Volcanic or cosmic impact origin for the Younger Dryas mini ice-age? New evidence from Hall's Cave, Texas

See here for a video versionOn July 31st 2020, Sun et al. published a paper in Science Advances [1] that suggests the Younger Dryas cooling event nearly 13000 years ago was triggered by the Laacher See volcanic eruption rather than a cosmic impact, the usual explanation. Until now, over 60 primary peer-reviewed journal papers together with dozens of supporting responses all agree the Younger Dryas event was caused by Earth’s collision with debris from a disintegrating comet. Only one paper has previously suggested it was caused by the Laacher See volcanic explosion – and that paper was thoroughly refuted only a year later.In their new paper, Sun et al. focus on platinum group elemental abundances, and especially osmium isotope abundances and ratios, found in the sediment of Hall’s Cave, Texas. The sediment in this cave, many meters deep, has accumulated over tens of thousands of years, providing a convenient record of environmental conditions near the cave over this time (see photo be…
Zodiacal dating the Golan Dolmens

In a recently published paper in Asian Archaeology, new zoomorphic rock art is reported on Dolmens in the Levant. The picture above is from one of these dolmens, but is not new, and can be seen in an earlier blogpost concerning comets. My interpretation is that these trident shapes represent comet gods, just like the one on a stone palette found at Gobekli Tepe - see below.

I interpret this plaquette to mean 'The comet god (left) attacked and destroyed (middle) the cosmic serpent who fell to earth (right)', consistent with numerous mythologies in the region. Gobekli Tepe's archaeologists interpret this to simply be the sequence 'snake, person, bird' (the other way up).

We see similar trident symbols at Stonehenge - see below. Clearly, in this image these symbols have been enhanced with colour, because they are very faint to the eye.

We see the trident symbol in many ancient and modern religions related by an Indo-European root, us…
Buying Prehistory Decoded

Prehistory Decoded has been difficult to source post-Covid19. Even Amazon sometimes runs out of stock during peaks of demand. Use bookfinder to find the cheapest deal in your area. Cheapest deal in the UK is from Speedy Hen, who seem to be taking orders even though it is listed as out of stock - I think they are shipping directly from the wholesaler rather than keeping stock themselves, hence the slight increase in delivery time. Apparently, this is a very common method now. Alternatively, the book can always be bought directly from the publisher.
Zodiacal theory mentioned in Physics Today, June 2020 issue
Bernie Taylor, of Before Orion fame, reviews a new book for Physics Today by Jonathan Powell 'From Cave Art to Hubble' which mentions the zodiacal interpretation of the Lascaux Shaft Scene and Gobekli Tepe.

Interview with Leo Perez on YouTube

Excellent review of Prehistory Decoded by Alistair Coombs
An equilateral triangle at Gobekli Tepe?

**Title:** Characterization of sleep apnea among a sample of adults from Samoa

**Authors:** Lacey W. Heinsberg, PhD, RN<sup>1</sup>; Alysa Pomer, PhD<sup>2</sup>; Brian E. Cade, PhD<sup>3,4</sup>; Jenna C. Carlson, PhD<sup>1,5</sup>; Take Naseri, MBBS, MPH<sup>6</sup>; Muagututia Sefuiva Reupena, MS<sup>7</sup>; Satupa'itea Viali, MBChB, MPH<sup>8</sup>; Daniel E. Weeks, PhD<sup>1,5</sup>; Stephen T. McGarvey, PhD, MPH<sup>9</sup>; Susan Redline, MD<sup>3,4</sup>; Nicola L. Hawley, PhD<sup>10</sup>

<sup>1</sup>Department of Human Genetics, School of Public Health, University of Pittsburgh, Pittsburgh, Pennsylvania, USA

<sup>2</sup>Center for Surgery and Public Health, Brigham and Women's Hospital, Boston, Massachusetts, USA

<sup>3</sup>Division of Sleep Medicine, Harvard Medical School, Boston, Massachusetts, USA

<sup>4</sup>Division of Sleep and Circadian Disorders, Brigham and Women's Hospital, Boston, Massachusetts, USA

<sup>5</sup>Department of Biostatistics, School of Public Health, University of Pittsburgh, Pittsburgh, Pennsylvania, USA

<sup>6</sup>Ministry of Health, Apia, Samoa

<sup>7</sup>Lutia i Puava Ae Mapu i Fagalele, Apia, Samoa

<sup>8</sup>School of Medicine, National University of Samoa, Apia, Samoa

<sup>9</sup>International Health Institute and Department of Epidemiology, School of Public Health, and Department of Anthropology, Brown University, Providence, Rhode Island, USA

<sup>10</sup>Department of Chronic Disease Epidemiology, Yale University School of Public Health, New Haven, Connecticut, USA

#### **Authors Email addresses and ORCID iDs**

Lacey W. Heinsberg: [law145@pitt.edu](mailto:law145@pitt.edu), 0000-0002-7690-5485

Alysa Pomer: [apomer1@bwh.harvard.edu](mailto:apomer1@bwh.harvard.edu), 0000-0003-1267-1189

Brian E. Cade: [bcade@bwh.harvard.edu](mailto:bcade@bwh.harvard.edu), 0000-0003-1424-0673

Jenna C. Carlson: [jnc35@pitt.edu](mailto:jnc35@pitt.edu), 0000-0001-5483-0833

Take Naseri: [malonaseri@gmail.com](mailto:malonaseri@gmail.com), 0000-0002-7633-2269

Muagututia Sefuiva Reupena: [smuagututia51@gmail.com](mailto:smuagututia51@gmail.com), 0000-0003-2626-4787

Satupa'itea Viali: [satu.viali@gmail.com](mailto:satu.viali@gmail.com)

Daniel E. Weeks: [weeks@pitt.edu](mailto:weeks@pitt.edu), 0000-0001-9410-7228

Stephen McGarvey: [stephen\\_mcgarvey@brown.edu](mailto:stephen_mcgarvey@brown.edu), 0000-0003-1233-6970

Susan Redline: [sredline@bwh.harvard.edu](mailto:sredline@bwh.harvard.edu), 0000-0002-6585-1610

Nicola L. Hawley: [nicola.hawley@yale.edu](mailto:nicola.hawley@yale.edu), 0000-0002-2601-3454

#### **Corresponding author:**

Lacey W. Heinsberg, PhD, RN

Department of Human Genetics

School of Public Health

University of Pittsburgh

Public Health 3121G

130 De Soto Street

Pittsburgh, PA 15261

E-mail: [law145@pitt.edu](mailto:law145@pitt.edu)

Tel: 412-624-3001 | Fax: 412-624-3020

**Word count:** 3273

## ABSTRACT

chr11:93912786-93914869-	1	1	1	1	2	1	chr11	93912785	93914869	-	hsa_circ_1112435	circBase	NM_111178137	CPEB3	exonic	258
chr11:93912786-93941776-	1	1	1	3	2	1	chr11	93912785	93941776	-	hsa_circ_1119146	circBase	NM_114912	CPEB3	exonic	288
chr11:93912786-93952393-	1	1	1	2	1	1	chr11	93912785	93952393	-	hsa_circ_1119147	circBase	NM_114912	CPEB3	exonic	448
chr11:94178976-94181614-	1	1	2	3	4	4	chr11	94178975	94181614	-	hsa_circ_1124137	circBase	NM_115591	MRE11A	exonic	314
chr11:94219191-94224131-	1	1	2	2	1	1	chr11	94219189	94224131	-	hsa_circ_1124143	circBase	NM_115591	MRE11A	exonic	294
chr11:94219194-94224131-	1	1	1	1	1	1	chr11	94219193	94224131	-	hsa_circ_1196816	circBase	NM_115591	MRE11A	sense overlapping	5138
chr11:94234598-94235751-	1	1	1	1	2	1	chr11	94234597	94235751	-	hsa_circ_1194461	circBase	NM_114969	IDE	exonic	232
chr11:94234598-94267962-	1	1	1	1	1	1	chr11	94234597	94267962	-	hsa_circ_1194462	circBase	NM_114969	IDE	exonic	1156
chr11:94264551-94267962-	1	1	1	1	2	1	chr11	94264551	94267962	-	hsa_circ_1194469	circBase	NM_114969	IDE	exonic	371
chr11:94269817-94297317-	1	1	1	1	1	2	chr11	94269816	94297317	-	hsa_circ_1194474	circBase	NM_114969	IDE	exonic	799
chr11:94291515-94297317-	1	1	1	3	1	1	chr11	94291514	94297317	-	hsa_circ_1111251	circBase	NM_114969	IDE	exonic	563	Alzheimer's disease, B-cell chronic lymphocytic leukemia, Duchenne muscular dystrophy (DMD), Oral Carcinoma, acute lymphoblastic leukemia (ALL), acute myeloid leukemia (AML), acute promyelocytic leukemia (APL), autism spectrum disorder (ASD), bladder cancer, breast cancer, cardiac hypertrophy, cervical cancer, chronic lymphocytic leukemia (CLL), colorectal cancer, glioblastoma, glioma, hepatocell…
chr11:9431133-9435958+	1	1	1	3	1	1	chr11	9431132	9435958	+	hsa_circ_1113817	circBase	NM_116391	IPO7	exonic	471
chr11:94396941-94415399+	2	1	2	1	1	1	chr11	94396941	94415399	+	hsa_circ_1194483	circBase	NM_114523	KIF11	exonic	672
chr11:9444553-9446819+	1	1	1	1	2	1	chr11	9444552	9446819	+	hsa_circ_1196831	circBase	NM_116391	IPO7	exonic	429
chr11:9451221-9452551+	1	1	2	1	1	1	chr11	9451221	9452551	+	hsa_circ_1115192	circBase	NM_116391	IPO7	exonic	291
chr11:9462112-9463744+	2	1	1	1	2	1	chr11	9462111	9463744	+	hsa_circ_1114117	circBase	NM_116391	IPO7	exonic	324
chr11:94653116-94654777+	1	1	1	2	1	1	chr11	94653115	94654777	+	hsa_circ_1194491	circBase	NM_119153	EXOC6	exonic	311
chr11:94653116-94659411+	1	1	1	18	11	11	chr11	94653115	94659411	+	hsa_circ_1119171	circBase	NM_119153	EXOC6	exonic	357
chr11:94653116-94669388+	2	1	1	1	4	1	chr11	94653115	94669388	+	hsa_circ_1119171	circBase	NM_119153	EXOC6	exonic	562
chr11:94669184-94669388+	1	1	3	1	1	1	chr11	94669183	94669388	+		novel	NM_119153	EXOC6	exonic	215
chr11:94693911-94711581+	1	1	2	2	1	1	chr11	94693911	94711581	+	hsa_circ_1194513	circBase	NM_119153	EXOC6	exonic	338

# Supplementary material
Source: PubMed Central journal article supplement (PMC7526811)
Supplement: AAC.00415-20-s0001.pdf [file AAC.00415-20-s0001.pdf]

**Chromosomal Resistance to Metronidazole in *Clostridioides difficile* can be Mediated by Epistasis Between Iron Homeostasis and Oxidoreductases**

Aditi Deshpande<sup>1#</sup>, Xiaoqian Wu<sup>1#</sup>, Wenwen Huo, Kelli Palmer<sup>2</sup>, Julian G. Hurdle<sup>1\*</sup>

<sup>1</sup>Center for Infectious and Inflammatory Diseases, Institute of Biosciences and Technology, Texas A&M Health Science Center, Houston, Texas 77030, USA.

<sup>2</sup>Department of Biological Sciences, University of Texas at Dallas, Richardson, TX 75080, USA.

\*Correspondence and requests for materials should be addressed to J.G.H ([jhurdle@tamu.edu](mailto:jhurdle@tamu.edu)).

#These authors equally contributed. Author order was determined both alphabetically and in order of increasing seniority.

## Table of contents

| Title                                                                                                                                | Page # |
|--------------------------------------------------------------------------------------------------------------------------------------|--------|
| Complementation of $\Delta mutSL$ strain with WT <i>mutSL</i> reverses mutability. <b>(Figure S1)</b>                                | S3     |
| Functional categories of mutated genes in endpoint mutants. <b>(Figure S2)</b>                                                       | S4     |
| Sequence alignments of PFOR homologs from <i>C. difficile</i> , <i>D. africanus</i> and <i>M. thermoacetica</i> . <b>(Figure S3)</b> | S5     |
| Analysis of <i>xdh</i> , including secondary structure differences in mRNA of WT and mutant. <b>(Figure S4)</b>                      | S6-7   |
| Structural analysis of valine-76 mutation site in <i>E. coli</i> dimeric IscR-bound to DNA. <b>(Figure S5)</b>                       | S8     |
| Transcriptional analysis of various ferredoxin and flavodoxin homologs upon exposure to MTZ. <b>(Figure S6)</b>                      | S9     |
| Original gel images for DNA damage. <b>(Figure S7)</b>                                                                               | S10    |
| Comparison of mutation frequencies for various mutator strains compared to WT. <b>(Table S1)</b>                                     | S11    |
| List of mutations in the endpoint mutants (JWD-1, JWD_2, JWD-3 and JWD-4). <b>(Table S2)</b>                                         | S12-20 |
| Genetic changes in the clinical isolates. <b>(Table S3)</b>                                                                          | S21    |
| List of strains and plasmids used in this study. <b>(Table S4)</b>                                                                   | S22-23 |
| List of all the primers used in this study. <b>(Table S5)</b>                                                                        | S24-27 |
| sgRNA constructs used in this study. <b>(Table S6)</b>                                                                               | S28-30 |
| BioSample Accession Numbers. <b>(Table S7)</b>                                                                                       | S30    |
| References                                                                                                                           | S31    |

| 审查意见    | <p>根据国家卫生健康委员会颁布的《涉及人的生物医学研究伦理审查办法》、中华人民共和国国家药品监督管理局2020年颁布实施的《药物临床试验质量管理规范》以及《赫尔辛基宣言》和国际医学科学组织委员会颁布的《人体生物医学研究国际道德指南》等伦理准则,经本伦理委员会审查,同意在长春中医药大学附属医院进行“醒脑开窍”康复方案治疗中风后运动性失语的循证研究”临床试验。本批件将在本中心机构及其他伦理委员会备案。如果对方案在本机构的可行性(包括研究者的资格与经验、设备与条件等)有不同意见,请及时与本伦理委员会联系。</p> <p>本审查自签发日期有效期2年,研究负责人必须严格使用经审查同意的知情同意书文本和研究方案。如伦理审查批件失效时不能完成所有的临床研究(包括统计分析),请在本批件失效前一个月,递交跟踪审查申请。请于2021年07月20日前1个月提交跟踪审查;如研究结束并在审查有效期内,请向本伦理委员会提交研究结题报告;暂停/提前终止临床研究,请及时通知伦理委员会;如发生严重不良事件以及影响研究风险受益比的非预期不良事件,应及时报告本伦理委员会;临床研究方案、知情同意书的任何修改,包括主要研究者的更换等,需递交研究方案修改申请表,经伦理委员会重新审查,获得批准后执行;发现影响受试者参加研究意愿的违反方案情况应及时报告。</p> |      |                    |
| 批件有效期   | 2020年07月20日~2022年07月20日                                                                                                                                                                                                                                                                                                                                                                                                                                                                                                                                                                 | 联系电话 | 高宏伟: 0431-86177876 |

A recent paper by Hacklay and Gopher claims to have found evidence of geometric planning in the construction of Gobekli Tepe’s enclosures. Their paper received a lot of media attention, and seems to have gone relatively unchallenged, at least so far.

Their central claim is this: that three of the circular enclosures uncovered so far at Gobekli Tepe were deliberately planned to form an equilateral triangle with a preferred orientation. The above illustration shows nicely what they mean.

Now this is published in a top archaeological journal – the Cambridge Archaeological Journal, so it must be right. Right? Wrong. Its actually pure speculation. Let’s see what they really did.

They locate the position of the centre of each pillar around the three circular enclosures, B, C and D, and then use a mathematical technique to work out the geometric centre of each enclosure. The method is this. They work out the distance from the assumed centre point of …
New paper on Zodiacal Dating published

Recently published online in the Athens Journal of History in their forthcoming papers section. This paper tracks some cases of the zodiacal dating system, from Palaeolithic cave art, circa 15,000 BC, through the Picts circa 500 AD. It also links Pictish symbols with the Ancient Egyptian gods. Enjoy.

Trishundi Ganpati Temple, India, the youngest known case of zodiacal dating?

A shrine at the temple. This interesting case brought to my attention by @PointedFour (Adam)
Is this the youngest known case of zodiacal dating? This temple is thought to be around 250 years old. The winter solstice and autumn equinoxes at this time are Sagittarius and Virgo, represented in our ancient zodiac by the Eagle/Vulture and Bear/Dog respectively. 
On this shrine, the lower creature has the classic splayed shape of the bear/dog representing Virgo, and the upper creature is perhaps an eagle/vulture with wings spread, representing Sagittarius.
So the question is, is this the youngest known case of zodiacal dating, or just a case of confirmation bias? Prior to this, the Picts, circa 500 AD, held the record of the youngest known case (as far as I know). The Pictish case is fairly secure, because practically all the other Pictish symbols also align with this ancient zodiacal system. But here, we just have…
New article in Ancient Origins

… for premium members only.
Did the zodiacal system exist in Iron-Age Britain?
British Iron-Age coin showing back-to-back crescent moons